My recent look at Alienware's awesome Area51-m Extreme, replete with 3.2GHz Extreme Edition P4 and swappable graphics modules, made this article attractive. I'm not usually one to cover developments in the mobile space, but given the advent of swappable graphics in recent notebook designs from a few vendors and HEXUS' continued interest in consumer graphics, a look at MXM was definitely on the cards.
MXM, short for Mobile PCI-Express Module, is NVIDIA's, with the help of major notebook ODMs and other notebook GPU vendors, attempt to standardise the physical graphics interface for notebook PCs.
The current state of play is that notebook ODMs use completely custom physical packaging for their notebook GPUs. Those custom packaging designs are often model specific, never mind range specific, so GPU packaing designs aren't transferable to new laptop designs. This proprietary way of doing things, which even extends to something like Alienware's swappable modules, since they are Area51 specific and aren't used by other notebook vendors, has a couple of appreciable knock-on effects for mobile graphics.
The cost and time of designing completely new GPU packages for every new notebook design means that time to market for notebooks using a new GPU is often in the range of 12+ months. That can be 12+ months after that GPU tapes out. The added cost of new designs each time also means higher cost for the consumer, as the ODM passes on R&D work costs to you.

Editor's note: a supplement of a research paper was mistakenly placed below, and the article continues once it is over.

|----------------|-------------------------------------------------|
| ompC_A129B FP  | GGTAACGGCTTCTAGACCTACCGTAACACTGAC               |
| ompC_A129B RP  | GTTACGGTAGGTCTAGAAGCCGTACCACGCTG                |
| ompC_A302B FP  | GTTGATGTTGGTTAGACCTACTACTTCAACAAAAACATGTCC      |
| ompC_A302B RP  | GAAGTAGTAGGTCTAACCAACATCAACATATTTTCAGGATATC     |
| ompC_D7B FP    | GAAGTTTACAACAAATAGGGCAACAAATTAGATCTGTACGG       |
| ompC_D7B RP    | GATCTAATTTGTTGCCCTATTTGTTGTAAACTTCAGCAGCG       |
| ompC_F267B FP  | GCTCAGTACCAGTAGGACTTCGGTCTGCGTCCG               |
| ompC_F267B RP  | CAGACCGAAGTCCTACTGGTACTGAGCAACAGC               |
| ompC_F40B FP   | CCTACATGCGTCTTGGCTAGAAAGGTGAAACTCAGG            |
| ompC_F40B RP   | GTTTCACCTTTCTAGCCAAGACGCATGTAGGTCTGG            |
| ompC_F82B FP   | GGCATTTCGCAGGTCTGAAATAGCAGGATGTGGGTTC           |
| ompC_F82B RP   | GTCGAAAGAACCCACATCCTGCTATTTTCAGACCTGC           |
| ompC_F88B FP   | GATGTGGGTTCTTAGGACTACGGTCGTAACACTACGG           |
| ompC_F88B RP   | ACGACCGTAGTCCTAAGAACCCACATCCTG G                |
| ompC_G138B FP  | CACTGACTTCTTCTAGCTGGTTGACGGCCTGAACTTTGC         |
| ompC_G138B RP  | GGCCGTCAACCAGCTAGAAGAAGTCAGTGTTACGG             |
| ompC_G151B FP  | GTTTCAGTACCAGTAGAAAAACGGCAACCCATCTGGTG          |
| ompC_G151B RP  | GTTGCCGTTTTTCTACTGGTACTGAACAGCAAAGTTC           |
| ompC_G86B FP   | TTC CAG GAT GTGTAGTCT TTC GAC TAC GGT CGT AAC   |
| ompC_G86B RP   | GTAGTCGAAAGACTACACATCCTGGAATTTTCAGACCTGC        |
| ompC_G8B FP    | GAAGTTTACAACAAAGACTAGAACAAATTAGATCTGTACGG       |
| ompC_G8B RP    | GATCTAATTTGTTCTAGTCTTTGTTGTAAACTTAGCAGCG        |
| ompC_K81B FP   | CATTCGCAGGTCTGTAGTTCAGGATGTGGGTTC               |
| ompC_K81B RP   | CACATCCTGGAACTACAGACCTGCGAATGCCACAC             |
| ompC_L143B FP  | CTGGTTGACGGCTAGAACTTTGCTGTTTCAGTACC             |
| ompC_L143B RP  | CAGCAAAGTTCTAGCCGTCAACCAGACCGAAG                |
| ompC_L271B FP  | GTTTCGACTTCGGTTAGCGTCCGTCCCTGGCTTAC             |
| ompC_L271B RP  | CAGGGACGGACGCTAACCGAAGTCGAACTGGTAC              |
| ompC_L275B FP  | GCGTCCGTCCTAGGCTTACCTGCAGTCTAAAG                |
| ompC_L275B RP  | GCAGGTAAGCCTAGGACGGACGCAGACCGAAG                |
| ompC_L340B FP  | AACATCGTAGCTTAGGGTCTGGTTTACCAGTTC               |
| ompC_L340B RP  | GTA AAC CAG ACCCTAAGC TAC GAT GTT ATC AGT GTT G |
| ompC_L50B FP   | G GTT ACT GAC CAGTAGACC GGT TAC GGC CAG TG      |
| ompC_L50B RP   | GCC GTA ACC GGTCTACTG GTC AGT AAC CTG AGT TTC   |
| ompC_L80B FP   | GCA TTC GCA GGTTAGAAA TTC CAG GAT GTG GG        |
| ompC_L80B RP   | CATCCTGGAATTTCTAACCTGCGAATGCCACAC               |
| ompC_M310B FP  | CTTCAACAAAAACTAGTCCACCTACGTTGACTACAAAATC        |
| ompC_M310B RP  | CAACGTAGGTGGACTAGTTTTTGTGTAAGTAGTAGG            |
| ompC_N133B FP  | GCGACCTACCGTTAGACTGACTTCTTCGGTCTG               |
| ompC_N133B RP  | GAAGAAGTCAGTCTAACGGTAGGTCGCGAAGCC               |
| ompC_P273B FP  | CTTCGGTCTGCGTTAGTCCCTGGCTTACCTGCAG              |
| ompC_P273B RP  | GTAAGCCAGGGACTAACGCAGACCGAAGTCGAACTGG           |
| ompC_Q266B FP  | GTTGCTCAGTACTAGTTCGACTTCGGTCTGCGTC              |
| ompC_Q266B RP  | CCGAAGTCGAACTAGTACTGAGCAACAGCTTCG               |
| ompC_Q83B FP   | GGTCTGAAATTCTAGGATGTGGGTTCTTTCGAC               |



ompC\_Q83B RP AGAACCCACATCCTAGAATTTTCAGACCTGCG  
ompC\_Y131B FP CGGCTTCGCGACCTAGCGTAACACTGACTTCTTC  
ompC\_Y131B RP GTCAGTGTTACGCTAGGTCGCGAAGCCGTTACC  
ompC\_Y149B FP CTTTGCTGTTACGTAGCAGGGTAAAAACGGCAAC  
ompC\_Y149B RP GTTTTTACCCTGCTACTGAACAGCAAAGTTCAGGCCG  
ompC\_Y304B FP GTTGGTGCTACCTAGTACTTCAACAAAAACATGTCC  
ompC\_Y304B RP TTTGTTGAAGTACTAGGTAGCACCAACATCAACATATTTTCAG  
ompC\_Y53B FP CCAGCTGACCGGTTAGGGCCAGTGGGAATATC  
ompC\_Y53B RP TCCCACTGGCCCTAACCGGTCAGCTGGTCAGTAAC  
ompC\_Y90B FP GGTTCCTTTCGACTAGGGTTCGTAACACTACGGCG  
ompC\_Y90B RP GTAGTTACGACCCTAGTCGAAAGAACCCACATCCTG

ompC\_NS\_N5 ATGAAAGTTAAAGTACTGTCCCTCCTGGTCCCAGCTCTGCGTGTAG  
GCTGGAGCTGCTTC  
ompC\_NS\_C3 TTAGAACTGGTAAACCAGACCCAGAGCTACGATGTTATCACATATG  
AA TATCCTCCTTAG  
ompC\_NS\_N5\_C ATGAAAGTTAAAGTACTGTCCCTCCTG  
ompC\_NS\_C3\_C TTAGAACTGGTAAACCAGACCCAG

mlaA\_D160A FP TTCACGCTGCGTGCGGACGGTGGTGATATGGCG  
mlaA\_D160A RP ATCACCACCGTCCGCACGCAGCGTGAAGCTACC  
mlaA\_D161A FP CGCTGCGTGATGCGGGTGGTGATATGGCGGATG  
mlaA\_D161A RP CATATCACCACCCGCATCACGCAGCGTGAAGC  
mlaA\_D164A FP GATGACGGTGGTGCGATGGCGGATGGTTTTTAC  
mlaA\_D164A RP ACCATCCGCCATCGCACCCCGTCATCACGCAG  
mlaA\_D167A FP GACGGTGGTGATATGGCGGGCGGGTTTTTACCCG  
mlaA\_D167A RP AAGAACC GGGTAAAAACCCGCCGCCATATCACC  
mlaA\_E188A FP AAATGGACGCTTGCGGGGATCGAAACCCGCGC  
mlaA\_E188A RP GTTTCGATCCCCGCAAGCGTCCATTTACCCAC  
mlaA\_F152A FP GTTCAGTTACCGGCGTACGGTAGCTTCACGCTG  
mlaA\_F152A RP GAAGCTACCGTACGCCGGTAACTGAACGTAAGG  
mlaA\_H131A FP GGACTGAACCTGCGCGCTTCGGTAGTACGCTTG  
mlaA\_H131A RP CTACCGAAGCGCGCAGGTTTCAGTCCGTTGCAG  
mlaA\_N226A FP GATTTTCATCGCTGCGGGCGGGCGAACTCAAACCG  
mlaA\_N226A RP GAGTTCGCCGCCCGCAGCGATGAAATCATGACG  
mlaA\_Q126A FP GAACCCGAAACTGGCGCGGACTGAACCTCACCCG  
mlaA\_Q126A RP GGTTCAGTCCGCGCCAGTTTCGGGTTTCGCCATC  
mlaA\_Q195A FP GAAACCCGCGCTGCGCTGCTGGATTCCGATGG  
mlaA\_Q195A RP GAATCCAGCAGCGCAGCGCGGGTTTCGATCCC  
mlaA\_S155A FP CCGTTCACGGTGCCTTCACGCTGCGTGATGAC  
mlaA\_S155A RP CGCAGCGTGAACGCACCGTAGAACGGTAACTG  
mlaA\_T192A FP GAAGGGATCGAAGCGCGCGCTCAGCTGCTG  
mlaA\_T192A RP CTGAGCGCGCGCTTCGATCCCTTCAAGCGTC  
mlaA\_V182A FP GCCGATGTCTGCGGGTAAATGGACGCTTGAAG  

Much like VLB, ISA, MCA, PCI and AGP et al, before it, the PCI-Express standard seeks to offer GPU makers the ability to standardise on packaging and interface for new GPU designs. The benefits are pretty obvious. Time to market for significantly new GPUs is reduced, costs are less, thermal considerations are well known and understood. The list goes on.
At its heart, MXM is simply a slightly customised PEG16X interface for mobile graphics, with standardised module sizes and thermal designs, so that packaging an MXM design is easy and set in stone.
The Physical Interface
The connector is a wrapper for a full PEG16X implementation and the display output from the GPU, so that the PCI Express 16X interface and the display output can be routed in a standard manner.
NVIDIA's documentation for MXM states that much like a desktop PC with existing onboard graphics, inserting an MXM module into a notebook with existing onboard graphics will simply disable them and route the display output of the MXM module correctly.
The ModulesThe MXM standard specs three module packaging configurations, imaginatively named MXM-I, MXM-II and MXM-III. As expected, each is a different size, mainly offering the ability for increased memory densities the larger the module gets. NVIDIA's press documentation shows a 128MB GeForce 6 Go on an MXM-I module.
Each MXM module size uses the same base mounting holes, so that MXM-I modules can fit in a board capable of MXM-II modules, and MXM-I and MXM-II modules will fit in a board that can house MXM-III hardware. Since the GPU on any MXM design will sit in the same place, the thermal solution for all MXM types is the same. NVIDIA have a pair of reference cooler designs but partners are free to spec whatever works for the ultimate form factor that they're using.